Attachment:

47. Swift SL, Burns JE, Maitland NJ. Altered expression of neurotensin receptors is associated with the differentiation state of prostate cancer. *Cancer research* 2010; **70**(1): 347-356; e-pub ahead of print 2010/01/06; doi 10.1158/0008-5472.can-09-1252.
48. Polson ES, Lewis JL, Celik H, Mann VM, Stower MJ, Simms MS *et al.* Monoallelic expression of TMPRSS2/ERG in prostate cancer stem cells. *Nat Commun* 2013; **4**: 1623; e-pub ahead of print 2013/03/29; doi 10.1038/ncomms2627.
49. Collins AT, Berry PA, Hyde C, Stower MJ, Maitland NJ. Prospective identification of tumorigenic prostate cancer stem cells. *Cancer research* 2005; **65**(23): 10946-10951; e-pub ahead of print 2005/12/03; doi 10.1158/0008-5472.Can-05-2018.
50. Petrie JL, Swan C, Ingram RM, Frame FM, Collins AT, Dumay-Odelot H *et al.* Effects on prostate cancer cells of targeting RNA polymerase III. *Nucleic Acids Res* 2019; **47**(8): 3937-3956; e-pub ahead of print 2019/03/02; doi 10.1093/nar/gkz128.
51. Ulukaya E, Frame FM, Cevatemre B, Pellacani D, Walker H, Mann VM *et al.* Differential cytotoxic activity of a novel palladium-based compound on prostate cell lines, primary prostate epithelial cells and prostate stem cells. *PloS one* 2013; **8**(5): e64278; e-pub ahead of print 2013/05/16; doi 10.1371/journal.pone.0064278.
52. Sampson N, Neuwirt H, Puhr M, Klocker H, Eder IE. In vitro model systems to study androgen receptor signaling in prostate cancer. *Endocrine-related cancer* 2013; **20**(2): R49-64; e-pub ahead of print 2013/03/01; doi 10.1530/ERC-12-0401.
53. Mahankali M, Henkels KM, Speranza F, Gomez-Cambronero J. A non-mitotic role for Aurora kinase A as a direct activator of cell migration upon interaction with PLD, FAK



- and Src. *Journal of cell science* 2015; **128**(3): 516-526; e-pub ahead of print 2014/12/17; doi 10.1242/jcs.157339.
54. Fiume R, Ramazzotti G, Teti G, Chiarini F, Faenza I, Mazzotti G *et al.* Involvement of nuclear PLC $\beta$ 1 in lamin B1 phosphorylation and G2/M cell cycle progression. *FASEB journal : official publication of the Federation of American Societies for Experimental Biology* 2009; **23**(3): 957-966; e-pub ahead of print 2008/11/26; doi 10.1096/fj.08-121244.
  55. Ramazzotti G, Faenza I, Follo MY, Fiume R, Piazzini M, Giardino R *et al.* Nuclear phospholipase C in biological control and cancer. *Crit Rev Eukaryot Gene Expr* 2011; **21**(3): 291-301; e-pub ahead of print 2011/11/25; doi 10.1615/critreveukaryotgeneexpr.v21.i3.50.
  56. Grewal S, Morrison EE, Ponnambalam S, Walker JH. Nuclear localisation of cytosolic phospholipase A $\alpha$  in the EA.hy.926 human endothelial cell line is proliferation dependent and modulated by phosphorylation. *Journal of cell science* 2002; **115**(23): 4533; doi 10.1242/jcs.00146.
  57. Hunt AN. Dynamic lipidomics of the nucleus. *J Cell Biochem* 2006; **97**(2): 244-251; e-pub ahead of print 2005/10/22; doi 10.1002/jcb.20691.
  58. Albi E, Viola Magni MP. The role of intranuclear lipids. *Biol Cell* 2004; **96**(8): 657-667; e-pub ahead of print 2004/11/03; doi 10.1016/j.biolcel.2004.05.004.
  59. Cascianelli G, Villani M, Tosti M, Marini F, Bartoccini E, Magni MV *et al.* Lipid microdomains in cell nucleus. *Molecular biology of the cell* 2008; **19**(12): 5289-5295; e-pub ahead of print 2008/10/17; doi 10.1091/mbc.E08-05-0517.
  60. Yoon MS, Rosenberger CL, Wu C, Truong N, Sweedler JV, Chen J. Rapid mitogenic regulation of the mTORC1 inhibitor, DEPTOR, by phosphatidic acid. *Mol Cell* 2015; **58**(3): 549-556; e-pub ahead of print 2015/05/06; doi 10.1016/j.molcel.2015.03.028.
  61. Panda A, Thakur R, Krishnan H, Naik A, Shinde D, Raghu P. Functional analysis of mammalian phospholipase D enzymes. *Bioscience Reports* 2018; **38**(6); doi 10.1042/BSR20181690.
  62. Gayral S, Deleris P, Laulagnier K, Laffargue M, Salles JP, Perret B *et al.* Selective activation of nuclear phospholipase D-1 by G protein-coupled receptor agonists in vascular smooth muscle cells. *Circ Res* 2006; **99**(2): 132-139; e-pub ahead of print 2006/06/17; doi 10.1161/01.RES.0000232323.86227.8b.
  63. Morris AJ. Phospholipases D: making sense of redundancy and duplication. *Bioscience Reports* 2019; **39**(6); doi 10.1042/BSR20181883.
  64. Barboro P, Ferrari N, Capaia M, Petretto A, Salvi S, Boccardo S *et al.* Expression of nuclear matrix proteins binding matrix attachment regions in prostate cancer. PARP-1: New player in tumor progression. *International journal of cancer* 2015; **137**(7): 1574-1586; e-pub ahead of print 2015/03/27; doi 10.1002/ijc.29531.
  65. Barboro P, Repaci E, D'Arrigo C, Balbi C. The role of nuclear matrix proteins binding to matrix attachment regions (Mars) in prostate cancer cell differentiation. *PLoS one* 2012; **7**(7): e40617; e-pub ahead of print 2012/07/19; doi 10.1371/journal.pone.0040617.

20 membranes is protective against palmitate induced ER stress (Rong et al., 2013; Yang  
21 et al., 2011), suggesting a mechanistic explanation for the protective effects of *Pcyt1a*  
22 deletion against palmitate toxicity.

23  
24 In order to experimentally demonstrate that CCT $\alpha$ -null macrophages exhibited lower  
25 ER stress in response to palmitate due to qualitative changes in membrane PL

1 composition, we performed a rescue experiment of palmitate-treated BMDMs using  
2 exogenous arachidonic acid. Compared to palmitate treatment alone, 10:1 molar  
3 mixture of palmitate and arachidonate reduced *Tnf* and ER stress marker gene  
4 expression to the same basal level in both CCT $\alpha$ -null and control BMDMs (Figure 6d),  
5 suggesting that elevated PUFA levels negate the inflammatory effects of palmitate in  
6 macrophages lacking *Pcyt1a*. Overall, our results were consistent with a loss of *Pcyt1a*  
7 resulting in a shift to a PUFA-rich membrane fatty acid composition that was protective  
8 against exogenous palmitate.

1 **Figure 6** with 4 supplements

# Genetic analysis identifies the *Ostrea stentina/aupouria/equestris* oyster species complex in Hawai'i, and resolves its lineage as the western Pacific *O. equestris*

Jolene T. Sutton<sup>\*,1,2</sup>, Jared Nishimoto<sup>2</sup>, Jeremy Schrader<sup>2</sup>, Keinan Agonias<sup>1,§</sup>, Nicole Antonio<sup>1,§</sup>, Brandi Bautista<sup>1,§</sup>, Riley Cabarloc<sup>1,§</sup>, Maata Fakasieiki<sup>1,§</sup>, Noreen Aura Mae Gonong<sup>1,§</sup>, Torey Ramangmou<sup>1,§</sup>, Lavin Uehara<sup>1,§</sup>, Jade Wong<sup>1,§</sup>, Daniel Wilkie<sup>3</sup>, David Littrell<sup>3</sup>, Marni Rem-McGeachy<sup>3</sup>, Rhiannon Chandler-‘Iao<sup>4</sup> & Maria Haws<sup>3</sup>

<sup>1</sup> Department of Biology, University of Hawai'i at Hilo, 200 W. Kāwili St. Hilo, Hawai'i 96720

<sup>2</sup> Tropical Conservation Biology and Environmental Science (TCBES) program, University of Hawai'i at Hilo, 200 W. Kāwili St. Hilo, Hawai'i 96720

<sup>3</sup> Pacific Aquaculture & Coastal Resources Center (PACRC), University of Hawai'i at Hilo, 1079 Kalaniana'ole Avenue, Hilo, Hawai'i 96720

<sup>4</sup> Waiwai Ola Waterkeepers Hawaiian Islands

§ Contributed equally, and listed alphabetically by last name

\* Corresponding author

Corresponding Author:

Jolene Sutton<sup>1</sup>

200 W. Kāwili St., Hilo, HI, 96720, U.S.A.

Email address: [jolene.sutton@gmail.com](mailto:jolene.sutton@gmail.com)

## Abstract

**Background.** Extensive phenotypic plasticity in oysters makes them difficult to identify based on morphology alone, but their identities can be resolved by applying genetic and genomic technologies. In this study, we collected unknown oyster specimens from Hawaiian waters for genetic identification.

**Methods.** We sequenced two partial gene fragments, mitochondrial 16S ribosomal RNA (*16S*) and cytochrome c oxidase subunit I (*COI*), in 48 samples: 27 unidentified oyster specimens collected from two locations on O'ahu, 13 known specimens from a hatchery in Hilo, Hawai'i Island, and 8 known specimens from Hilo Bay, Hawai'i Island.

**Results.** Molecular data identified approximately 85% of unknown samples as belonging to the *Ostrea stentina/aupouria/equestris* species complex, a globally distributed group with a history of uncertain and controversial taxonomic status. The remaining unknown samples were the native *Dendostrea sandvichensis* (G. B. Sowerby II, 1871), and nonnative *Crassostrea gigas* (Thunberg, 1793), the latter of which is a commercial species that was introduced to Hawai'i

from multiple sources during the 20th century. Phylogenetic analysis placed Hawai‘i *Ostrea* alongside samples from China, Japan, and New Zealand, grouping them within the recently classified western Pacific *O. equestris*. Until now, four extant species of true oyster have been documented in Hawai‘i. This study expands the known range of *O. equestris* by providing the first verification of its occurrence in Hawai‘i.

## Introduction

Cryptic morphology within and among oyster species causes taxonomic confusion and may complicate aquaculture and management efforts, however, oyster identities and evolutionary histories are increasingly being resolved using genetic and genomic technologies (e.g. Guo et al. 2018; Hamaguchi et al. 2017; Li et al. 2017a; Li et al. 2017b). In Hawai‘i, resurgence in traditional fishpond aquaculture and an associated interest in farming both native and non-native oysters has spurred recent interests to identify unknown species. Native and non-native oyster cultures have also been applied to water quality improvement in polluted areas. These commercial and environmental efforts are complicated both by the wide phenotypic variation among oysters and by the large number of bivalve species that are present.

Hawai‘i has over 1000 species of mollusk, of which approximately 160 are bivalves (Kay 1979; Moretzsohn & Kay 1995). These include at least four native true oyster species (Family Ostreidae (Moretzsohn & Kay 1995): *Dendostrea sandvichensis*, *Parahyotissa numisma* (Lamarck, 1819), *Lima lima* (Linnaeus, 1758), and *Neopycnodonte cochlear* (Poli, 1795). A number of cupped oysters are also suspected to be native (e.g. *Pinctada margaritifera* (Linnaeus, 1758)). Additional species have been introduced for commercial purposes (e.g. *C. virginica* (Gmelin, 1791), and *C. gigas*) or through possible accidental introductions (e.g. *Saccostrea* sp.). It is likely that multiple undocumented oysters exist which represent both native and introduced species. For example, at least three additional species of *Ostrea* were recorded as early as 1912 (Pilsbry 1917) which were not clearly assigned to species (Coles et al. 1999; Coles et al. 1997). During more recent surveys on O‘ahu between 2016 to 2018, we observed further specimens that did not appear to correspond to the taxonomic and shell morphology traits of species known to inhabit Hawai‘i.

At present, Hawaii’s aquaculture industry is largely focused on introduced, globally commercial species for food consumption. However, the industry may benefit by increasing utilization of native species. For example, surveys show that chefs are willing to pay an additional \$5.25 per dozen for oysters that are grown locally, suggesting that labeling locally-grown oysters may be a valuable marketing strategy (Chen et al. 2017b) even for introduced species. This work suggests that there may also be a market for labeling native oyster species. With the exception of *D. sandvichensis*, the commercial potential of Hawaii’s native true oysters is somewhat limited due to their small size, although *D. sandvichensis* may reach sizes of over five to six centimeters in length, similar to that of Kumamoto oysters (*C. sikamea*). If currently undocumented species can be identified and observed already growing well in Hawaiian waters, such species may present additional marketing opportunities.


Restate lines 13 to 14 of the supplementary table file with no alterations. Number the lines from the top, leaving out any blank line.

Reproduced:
  58. Albi E, Viola Magni MP. The role of intranuclear lipids. *Biol Cell* 2004; **96**(8): 657-667; e-pub ahead of print 2004/11/03; doi 10.1016/j.biolcel.2004.05.004.
  59. Cascianelli G, Villani M, Tosti M, Marini F, Bartoccini E, Magni MV *et al.* Lipid microdomains in cell nucleus. *Molecular biology of the cell* 2008; **19**(12): 5289-5295; e-pub ahead of print 2008/10/17; doi 10.1091/mbc.E08-05-0517.